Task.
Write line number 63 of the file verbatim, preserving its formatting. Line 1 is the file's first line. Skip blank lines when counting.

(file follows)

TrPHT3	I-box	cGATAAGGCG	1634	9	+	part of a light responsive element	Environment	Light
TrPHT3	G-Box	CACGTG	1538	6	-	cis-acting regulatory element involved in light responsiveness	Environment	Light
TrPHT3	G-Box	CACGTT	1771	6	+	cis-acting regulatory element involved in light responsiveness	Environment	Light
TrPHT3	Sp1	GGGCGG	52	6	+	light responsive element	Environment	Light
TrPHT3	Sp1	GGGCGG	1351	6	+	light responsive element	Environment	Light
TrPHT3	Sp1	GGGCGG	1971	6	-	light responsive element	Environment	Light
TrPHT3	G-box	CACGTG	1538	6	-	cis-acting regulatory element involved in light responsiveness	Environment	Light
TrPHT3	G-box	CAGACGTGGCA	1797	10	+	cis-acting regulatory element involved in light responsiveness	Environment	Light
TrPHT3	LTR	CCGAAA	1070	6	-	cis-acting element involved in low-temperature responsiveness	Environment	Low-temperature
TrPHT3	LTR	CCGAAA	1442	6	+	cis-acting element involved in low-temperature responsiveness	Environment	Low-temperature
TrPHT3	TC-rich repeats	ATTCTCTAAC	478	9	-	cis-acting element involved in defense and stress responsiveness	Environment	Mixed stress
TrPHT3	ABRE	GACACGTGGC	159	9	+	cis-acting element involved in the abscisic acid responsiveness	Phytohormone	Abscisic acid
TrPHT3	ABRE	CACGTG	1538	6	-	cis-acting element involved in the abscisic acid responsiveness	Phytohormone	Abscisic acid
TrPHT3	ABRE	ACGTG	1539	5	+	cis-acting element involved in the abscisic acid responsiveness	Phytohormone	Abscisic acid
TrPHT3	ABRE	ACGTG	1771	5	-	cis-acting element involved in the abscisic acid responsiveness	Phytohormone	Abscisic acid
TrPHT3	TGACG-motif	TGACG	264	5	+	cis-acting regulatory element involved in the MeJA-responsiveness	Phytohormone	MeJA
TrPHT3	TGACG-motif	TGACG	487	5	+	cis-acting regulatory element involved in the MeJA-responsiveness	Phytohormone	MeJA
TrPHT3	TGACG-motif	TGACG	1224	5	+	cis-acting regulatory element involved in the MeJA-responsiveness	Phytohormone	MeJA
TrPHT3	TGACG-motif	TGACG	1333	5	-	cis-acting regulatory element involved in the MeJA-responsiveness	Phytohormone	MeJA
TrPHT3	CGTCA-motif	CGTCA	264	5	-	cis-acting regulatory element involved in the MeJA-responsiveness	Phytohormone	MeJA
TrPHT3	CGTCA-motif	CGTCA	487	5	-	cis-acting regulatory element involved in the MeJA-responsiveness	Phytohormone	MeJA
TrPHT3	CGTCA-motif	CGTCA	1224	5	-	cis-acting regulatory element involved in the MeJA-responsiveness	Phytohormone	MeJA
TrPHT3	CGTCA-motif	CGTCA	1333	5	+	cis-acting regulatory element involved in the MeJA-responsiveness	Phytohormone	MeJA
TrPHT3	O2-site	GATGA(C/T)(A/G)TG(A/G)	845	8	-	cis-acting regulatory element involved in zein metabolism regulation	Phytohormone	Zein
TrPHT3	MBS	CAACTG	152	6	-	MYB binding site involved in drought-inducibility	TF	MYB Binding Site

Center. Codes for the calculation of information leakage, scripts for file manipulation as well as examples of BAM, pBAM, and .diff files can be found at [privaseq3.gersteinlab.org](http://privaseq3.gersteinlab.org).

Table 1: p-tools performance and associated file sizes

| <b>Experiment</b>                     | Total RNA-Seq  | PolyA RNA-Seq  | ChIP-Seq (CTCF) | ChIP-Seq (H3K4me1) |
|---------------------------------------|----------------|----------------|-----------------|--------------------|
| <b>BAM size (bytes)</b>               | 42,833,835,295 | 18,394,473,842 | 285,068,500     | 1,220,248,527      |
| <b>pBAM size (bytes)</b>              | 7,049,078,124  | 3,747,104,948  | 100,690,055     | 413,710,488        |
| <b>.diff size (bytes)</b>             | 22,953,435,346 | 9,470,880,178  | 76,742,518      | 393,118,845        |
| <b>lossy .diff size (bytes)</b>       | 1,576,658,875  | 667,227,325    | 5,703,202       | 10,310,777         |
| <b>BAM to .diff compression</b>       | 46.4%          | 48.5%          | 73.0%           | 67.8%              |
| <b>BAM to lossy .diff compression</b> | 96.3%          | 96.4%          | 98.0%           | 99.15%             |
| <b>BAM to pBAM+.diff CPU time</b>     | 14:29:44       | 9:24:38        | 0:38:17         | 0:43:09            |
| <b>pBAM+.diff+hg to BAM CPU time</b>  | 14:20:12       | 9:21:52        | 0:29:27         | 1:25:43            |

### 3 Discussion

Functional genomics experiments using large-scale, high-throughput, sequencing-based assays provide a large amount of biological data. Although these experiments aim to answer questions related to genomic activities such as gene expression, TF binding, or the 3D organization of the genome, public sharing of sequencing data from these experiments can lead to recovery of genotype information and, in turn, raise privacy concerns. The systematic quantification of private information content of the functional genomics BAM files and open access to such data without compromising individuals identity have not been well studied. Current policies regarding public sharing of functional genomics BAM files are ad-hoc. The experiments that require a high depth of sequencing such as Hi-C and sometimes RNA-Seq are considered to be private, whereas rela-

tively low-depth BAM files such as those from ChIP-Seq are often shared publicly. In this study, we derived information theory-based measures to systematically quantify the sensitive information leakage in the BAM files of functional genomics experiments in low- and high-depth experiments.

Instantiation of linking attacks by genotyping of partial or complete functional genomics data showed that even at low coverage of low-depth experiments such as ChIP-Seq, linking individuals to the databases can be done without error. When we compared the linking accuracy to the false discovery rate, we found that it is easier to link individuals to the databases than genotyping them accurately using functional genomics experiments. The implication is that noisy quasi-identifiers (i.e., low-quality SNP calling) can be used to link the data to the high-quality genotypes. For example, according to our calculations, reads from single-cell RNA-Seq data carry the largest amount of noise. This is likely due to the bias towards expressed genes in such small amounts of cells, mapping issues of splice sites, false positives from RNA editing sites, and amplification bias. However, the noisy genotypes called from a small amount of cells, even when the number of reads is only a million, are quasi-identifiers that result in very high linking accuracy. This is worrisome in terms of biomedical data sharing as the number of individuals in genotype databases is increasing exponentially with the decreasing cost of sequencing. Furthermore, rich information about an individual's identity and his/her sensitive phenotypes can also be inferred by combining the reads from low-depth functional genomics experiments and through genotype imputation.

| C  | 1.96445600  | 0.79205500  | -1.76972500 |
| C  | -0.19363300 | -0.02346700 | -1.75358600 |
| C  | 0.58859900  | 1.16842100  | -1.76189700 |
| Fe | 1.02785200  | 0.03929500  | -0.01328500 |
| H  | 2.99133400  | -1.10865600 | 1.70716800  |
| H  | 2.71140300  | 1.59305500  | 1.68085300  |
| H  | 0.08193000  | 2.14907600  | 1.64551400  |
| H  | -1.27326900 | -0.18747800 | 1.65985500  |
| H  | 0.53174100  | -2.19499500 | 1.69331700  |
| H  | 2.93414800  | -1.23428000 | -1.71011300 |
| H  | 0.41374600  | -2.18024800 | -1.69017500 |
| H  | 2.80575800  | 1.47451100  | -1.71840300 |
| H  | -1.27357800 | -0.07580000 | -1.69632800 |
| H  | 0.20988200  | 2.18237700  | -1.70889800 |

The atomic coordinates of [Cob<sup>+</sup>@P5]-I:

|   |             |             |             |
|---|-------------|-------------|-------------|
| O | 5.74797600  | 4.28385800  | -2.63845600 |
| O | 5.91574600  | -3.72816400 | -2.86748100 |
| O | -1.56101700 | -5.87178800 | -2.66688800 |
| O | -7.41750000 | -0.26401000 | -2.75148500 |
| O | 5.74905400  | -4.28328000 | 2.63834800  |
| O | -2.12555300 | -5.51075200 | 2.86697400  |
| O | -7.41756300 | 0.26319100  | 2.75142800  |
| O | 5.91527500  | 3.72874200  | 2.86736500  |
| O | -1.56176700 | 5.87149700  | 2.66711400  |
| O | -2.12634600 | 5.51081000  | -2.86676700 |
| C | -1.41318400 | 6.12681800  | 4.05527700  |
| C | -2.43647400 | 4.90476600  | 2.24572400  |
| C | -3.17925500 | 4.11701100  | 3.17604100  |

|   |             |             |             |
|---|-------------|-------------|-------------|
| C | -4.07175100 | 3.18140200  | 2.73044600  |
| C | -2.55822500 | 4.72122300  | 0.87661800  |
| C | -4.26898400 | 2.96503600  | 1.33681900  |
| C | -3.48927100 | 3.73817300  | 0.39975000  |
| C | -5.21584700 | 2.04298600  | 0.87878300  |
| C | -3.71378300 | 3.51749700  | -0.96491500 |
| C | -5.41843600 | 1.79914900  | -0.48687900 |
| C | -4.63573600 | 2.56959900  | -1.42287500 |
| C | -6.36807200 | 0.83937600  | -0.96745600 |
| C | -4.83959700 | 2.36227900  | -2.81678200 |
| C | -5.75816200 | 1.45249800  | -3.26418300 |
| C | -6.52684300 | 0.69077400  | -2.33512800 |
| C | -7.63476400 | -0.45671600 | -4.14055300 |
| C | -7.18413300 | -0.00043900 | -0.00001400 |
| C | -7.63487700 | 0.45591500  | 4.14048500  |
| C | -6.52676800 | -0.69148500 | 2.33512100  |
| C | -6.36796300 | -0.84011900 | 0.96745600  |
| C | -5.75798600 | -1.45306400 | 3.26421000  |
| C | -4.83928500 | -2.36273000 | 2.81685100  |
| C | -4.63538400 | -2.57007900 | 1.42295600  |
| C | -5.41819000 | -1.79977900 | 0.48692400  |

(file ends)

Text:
| O | 5.74905400  | -4.28328000 | 2.63834800  |